75 mph = 1.25 mpm.

Distance = 1.25 mpm x 2 minutes.

**Math skills developed: Counting, Logic, Algebra, Sorting**

**Bing**

- Ages 3-5: Take turns counting by ones. Your child says, “one,” then you say “two,” then your child says “three,” and so on. See how high you can go.
- Ages 6-8: Take turns counting by twos, but any number that has a 0 in it, like 10, 20, or 30, say “Bing!” instead of the number. Anyone who says the number instead of “Bing!” gets a point. See how high the family can count before anyone gets five points. Then change the number the “Bing” represents or try counting by a different number.
- Ages 9-12: This is the same game as ages 6-8 but a bit more challenging! Take turns counting by
*threes*, but replace any number that is a multiple of*two*with “Bing!” When someone gets five points, change the multiple that gets the “Bing” or count by a different number. - Ages 12+: This is the next step up in the game. Start with 400, and take turns counting
*backwards by threes*. Replace any number that is a multiple of*nine*with “Bing!” (Helpful hint: If a number is a multiple of nine, the digits will add up to nine. 3 + 3 + 3 = 9, so 333 is a multiple of nine.) Anyone who says the number instead of “Bing!” gets a point. See how long the family can go before anyone gets five points. When someone gets five points, change the multiple that gets the “Bing” or count by a different number. - For an extra challenge, replace all prime numbers with “Bing.”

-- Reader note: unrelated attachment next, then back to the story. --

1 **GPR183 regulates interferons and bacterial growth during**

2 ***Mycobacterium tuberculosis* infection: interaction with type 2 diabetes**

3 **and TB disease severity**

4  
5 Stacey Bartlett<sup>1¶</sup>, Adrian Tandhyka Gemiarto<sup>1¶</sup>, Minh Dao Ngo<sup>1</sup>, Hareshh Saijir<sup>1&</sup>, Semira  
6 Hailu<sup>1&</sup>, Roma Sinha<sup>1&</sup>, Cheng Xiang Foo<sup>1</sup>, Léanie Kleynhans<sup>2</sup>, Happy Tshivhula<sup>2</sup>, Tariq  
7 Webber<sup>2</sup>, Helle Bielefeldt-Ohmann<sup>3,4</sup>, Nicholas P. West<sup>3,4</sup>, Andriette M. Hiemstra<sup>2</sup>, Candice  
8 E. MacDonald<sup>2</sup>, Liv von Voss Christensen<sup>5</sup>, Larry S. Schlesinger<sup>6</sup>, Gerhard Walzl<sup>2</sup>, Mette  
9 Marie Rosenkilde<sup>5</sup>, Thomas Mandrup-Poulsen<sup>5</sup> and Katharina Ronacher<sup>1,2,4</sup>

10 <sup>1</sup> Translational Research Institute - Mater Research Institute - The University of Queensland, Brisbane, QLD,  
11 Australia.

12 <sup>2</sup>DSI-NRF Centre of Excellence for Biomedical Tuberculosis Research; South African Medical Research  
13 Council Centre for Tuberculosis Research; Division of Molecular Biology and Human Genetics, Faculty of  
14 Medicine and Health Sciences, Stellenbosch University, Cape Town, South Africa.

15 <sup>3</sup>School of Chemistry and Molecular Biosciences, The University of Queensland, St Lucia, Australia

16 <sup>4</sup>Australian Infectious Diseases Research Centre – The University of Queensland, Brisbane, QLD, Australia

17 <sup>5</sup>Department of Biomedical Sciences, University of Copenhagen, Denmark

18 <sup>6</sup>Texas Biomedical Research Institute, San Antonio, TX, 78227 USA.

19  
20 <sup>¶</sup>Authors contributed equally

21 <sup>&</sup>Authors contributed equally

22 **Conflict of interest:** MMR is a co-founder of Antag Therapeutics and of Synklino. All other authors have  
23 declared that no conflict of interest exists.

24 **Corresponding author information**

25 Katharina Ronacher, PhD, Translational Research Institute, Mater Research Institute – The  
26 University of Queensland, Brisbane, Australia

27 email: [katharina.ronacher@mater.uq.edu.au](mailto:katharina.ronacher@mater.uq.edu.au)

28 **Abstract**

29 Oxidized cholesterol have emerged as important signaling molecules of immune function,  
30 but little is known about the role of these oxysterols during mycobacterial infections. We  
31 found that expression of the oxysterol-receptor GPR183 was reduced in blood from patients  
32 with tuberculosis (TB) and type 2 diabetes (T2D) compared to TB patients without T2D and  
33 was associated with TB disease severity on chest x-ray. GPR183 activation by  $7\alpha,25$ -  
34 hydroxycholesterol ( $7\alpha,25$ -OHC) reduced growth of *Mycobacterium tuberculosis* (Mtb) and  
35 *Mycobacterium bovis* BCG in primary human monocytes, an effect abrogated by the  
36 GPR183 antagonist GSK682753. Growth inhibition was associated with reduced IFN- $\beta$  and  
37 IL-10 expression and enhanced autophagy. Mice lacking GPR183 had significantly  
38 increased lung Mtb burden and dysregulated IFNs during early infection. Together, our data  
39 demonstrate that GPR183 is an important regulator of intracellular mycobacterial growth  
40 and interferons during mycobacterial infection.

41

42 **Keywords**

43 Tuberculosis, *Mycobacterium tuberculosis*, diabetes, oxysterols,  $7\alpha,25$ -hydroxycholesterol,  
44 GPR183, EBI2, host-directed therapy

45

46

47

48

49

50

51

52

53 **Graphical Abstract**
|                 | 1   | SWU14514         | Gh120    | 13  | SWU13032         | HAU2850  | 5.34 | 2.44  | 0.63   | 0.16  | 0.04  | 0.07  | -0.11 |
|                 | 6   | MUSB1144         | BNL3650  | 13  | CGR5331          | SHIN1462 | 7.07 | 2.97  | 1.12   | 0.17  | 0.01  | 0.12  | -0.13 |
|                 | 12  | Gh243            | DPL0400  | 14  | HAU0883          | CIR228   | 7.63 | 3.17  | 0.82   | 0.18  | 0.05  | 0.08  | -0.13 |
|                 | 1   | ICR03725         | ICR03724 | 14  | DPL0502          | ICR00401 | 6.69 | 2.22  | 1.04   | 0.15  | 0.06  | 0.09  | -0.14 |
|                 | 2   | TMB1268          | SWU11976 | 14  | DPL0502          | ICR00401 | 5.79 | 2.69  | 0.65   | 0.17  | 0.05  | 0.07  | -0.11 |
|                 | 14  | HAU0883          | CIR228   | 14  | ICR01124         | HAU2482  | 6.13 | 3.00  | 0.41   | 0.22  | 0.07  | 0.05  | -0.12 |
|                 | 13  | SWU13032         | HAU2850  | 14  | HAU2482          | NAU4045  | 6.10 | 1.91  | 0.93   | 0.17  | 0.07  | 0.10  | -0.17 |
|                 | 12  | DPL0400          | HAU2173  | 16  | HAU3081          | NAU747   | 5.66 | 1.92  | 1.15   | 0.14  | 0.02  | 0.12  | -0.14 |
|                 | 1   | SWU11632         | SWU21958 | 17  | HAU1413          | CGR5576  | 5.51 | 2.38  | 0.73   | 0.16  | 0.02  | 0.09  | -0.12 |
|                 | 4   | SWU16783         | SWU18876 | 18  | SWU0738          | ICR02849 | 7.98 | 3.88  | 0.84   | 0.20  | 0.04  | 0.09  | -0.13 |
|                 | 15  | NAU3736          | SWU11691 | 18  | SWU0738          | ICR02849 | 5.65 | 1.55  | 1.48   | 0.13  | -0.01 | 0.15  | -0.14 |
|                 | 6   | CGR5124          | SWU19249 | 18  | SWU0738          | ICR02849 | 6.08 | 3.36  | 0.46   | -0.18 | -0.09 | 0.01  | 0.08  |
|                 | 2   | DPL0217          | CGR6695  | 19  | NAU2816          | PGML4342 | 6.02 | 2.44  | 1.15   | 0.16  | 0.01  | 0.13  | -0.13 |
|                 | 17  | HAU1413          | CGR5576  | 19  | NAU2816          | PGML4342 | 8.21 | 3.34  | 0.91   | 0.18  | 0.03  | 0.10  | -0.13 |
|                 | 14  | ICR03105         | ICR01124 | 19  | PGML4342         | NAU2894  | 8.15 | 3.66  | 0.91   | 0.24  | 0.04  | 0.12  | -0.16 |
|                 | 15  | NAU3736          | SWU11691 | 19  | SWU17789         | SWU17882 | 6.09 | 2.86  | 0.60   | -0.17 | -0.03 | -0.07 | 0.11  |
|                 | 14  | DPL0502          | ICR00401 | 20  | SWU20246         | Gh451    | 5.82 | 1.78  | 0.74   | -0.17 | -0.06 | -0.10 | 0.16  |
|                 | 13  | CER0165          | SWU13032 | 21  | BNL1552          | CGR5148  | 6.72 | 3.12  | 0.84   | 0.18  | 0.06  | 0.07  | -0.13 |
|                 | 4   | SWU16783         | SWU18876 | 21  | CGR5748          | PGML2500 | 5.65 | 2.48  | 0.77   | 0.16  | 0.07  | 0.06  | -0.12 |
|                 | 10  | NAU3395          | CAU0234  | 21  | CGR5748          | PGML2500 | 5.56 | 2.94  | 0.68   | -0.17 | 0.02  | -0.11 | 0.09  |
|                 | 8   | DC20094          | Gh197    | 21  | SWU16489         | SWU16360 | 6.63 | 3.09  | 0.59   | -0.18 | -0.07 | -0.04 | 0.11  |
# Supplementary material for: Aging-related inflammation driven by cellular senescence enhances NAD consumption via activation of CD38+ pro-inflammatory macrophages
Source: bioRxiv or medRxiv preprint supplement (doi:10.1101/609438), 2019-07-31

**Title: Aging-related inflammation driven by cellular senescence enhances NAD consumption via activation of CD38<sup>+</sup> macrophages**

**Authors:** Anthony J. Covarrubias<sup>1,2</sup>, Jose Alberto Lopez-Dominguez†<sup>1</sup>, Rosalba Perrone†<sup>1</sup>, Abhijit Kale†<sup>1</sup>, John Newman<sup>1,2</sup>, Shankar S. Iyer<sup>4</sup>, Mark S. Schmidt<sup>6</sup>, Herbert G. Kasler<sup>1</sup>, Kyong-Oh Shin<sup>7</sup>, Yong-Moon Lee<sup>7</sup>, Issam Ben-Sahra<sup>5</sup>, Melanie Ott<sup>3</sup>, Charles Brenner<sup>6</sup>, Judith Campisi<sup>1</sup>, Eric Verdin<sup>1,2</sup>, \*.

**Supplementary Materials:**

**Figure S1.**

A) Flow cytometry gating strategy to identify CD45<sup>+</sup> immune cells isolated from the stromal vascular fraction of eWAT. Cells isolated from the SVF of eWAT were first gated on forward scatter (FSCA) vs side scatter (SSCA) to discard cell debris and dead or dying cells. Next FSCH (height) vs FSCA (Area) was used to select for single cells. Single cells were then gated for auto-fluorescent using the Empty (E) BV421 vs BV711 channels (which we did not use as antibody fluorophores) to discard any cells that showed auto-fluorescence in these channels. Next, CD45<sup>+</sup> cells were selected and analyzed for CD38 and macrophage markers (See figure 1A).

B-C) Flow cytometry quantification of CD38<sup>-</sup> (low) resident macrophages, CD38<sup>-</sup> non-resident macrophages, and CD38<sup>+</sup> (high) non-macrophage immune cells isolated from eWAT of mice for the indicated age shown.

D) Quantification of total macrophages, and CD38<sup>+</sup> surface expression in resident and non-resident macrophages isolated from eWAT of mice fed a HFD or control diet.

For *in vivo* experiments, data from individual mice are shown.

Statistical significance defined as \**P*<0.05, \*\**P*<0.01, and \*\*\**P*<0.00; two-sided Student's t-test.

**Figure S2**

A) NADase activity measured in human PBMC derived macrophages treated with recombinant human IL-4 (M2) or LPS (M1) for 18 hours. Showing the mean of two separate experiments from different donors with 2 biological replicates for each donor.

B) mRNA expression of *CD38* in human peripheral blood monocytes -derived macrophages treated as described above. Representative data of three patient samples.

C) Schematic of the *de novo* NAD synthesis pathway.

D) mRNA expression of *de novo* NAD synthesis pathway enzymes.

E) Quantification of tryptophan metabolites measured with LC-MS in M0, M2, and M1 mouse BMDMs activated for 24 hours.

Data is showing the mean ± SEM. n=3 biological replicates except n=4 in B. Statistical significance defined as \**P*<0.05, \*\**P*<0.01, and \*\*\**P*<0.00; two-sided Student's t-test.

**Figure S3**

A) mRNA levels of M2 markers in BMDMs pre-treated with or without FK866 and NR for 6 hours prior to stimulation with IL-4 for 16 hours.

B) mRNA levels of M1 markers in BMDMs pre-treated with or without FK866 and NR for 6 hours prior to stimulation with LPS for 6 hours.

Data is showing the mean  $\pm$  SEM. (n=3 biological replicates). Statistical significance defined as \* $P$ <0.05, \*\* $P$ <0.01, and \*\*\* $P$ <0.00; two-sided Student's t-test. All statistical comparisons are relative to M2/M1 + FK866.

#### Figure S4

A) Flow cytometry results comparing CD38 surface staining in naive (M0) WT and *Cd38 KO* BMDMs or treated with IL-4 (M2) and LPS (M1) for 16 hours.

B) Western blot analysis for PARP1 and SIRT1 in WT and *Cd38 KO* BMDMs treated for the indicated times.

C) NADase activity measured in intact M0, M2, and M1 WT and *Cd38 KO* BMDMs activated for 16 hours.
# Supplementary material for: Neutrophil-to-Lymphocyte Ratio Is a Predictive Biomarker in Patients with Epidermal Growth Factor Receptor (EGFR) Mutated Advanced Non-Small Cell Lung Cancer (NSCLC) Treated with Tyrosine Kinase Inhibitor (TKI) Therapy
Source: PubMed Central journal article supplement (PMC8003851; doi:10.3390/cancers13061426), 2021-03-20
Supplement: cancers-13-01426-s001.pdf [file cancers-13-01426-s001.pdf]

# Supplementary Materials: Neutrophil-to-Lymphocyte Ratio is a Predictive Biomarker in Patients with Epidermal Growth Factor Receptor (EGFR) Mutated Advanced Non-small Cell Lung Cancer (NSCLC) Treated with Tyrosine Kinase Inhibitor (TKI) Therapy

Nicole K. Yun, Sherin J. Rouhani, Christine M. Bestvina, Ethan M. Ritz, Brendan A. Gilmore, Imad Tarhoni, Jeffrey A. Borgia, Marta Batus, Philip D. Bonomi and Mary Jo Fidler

**Math skills developed: Number Sense, Counting**

**Guess My Number**

This game is like the classic 20 Questions game with a math twist. One person thinks of a number but doesn’t tell anyone else which number. Other people try to figure out the number by asking questions that can be answered with “yes” or “no.” The aim is to guess the number in as few questions as possible.

- Ages 3-5: The chosen number should be a whole number between one and 10 (or 30, if your child understands numbers that high). Questions might include, “Is the number greater than two?” “Does the number start with the letter F?”
- 6-8: The chosen number should be a whole number between one and 100(or 1,000, if your child understands numbers that high). Questions might include, “Is the number greater than 50?” “Does the number have a zero in it?”
- Ages 9 and up: The chosen number should be a whole number or a decimal between one and 1,000. Questions might include, “Is the number divisible by two?” “Is it a whole number?”

**Math skills developed: Logic, Number Sense, Mathematical Reasoning**

**Storytelling with a Math Twist**

Take turns telling stories or adding on to the same story. The storyteller should include some math riddles in the story. A story could include something such as, “Jack sold his cow for only 10% of what it was worth at market. Other cows at market were selling for 900 magic beans.” After finishing the story, the storyteller asks the listeners to solve one of the included math riddles. Whoever can solve the riddle gets to tell the next story. The storyteller will determine the level of the math riddle, so choose the youngest person gets to tell the first story.

**Math skills developed: Number Sense, Divergent Thinking, Word Problems**

Mathnasium loves to find fun and unique ways to engage kids in math every day. We'd love to know how you use math to keep kids from asking, "Are we there yet?"